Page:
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On the second day of Blogmas

Our choir of gaming Christmas carollers is back once again for the second day of Blogmas, where creative conductor Athena from AmbiGaming is leading us all in a rendition of The Twelve Days of Christmas – but with a video game twist. Be sure to check out her blog today to see what she’s written for her second answer in this collaboration, and keep your eyes peeled for all of the other bloggers out there taking part.

Yesterday we looked at 12 gaming memories that keep each of us feeling warm and fuzzy throughout the year. With the choir clearing their throats and warming up in the background, let’s see what the subject of today’s verse is:

On the second day of Blogmas, the gamers said to me:
What are your 12 favourite gaming memories?
Tell us 11 games you love!

1990: The Secret of Monkey Island

I’m sure many readers were expecting this one to appear on a list of games I love. It’s the title that started my fondness for the adventure genre as a child, after realising that worlds I thought only existed in books could be brought to life through pixels on a screen. It’s also the series that’s home to one of my favourite characters: Murray the skull is simply awesome because he doesn’t let anything hold him back. Sometimes all you need is an evil mental attitude.

1993: Myst

Myst makes my list because it features one of the best beginnings in gaming. I love that feeling you get when you start a new game and have no idea where this curious journey is going to take you, what obstacles you’re going to encounter and who you’re going to meet along the way. Despite being incredibly simple, the opening cutscene effectively inspires a wonderful sense of confusion in the player which perfectly mimics the character’s emotional state.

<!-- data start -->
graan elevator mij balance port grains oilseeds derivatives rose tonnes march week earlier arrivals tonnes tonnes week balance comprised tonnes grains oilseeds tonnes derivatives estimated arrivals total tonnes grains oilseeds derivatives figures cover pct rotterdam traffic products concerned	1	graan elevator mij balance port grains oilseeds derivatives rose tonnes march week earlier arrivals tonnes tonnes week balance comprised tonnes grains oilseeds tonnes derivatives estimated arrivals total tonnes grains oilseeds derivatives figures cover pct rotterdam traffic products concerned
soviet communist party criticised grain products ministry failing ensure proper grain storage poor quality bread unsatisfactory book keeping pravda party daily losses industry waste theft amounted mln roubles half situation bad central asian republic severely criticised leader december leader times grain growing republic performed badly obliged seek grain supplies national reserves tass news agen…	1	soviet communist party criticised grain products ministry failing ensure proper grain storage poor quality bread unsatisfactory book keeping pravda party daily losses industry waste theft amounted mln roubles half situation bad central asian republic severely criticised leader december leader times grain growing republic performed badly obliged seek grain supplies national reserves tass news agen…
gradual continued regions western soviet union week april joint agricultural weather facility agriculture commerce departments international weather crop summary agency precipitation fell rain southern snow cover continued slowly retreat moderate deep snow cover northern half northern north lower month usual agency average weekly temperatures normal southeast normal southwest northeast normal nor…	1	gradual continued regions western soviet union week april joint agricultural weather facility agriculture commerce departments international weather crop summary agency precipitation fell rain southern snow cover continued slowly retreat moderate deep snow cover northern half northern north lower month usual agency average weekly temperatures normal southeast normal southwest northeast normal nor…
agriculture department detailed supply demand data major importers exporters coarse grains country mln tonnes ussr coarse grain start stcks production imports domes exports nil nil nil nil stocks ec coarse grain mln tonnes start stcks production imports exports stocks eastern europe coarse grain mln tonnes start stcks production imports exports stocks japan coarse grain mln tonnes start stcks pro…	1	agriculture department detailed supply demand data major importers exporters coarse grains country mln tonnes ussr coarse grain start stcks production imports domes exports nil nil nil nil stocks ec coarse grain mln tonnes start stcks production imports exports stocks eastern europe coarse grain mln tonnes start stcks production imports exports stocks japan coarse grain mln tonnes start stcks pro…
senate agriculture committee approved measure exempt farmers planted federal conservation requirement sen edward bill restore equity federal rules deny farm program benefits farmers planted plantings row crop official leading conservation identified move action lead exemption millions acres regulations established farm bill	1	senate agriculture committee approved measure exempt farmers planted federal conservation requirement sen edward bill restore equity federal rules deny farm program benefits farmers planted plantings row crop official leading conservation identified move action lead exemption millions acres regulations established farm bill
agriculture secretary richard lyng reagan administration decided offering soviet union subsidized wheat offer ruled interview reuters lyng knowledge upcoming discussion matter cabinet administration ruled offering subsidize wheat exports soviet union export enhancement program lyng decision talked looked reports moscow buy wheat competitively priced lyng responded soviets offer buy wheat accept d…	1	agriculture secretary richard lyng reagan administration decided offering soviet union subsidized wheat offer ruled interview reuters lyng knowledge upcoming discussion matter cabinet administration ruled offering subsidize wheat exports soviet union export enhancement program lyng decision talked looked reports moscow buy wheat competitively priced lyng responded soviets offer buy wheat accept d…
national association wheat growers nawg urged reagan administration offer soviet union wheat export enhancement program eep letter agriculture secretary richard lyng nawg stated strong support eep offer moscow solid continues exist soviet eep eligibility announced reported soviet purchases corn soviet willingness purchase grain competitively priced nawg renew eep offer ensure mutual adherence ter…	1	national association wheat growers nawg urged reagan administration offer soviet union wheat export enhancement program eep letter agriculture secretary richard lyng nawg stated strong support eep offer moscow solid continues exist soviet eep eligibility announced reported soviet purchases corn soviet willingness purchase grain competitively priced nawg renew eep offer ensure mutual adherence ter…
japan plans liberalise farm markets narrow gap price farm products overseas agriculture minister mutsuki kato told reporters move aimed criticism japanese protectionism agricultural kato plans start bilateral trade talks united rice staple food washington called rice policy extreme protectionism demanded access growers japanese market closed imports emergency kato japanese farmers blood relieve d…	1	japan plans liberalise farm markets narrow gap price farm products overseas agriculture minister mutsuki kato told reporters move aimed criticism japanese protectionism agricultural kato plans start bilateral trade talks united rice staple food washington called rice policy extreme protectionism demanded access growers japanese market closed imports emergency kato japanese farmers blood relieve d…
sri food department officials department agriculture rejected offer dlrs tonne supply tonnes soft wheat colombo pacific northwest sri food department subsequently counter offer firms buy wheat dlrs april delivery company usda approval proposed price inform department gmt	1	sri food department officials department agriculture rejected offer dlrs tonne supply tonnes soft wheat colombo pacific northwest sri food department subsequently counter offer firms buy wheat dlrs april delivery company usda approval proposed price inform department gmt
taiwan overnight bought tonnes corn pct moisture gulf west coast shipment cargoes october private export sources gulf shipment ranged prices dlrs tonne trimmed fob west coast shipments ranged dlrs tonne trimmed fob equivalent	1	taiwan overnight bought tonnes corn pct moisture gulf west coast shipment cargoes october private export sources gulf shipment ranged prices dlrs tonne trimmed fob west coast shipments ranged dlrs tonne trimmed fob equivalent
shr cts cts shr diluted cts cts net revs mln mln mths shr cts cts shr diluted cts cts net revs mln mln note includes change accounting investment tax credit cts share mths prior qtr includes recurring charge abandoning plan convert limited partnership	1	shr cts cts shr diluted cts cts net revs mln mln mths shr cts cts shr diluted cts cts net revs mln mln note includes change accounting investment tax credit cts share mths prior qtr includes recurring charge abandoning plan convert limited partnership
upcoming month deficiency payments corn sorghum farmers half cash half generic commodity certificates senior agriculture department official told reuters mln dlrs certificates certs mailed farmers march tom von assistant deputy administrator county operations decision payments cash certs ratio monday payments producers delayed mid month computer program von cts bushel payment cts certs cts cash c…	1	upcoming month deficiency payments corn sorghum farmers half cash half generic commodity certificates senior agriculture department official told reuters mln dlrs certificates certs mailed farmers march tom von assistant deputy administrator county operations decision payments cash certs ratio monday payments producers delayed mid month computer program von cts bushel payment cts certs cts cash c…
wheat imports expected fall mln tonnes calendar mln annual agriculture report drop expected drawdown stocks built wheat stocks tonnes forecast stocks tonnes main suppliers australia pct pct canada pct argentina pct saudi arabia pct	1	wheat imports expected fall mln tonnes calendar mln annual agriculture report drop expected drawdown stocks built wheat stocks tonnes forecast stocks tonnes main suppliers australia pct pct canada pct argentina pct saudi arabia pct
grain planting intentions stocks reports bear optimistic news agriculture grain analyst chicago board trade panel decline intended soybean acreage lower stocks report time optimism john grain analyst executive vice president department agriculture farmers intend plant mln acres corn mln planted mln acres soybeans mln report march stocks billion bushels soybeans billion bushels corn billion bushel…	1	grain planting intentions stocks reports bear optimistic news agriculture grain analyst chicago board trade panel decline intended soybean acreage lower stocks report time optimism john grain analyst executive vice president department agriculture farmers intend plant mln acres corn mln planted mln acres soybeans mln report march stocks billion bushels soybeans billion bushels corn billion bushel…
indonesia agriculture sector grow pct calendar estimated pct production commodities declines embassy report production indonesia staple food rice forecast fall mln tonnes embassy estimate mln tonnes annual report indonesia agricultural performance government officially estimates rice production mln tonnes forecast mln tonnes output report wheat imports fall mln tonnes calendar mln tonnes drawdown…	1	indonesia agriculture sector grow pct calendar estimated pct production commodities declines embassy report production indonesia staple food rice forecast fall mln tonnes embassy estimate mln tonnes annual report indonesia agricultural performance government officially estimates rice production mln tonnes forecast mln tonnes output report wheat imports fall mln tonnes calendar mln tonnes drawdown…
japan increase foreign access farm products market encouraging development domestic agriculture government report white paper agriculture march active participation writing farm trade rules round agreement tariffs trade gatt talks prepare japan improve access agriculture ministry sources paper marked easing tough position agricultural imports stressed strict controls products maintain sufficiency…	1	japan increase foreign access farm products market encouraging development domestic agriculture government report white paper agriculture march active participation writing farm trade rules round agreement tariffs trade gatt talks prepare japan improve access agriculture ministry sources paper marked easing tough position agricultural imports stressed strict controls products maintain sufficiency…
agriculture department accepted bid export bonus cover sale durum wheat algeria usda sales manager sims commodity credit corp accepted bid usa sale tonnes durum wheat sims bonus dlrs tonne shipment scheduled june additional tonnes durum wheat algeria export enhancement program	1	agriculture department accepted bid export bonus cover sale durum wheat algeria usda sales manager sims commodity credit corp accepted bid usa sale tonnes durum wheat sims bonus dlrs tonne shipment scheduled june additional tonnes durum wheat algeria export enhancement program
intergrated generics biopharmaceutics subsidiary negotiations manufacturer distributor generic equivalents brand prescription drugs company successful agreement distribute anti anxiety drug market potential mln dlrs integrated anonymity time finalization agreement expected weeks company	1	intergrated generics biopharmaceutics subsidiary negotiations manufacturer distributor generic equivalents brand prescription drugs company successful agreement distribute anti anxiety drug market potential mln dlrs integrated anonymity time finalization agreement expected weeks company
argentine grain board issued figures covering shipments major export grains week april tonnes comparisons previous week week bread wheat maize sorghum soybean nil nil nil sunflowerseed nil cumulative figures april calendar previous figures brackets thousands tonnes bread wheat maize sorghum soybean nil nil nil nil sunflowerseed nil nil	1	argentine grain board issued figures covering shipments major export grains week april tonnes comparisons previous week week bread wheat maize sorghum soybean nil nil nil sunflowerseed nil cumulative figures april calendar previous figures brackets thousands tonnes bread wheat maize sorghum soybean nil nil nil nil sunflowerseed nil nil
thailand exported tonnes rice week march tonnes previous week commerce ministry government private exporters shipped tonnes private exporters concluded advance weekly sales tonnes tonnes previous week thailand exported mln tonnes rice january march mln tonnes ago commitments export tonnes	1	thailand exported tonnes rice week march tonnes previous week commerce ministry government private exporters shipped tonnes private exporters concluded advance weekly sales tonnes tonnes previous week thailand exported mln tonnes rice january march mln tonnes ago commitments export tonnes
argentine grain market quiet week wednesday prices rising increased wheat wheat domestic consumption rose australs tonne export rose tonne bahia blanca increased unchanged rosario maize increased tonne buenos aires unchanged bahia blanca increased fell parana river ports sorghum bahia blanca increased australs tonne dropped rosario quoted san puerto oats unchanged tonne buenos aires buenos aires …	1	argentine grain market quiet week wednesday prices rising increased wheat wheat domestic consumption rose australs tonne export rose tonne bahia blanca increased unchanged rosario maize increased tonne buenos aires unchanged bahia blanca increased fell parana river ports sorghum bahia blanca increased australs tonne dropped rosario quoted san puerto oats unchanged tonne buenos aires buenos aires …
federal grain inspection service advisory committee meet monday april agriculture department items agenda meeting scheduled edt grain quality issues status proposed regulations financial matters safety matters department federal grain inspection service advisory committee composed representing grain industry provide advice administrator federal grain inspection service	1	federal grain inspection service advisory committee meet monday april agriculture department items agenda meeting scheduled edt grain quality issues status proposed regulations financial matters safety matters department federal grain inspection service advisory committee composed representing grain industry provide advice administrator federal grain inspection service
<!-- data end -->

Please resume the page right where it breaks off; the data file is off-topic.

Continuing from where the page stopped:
1999: The Longest Journey

I adore the story told by the Dreamfall series – so much so that I haven’t been able to finish the final instalment – and no other title has captured my imagination in the same way as The Longest Journey. Rather than share an individual story in each episode, everything is connected in ways which aren’t at first obvious: separate elements that appear unconnected are eventually weaved together in a way where it slowly dawns on you how significant they actually were.

2008: Fable II

So the Fable series may have taken a downhill turn when sequelitus hit the third instalment, but the second game is one of my absolute favourites. It was the title that got me back into gaming regularly as I was hooked after the first half-hour; I spent the rest of the week ploughing through it trying to find every side-quest, figuring out how to get past the demon doors and meeting as many residents of Albion as possible. This is the reason I’d love to meet Peter Molyneux.

2011: To The Moon

One of the first indie titles I ever played after being introduced to this side of gaming was To The Moon. It broke my heart and I was genuinely in tears by the credits; and it taught me that video games are much more than entertainment and pixels. Here’s a storyline that shows the player that life is too short to have regrets so if there’s something you want to do, get out there and do it. Chris from OverThinker Y and I both played the follow up, Finding Paradise, earlier this year.

2012: Cognition: An Erica Reed Thriller

Here’s a grown-up murder-mystery and not a game for children, and it’s one of those titles which is so deserving of a sequel. Protagonist Erica is an FBI Agent with ‘psion’ powers that enable her to see the past. With potent abilities like this it would have been all too easy for the developer to resort to them to push the plot along but instead, her powers aren’t the solution for every problem. It’s due to some great voice-acting and wonderful writing that she’s one of my favourite characters.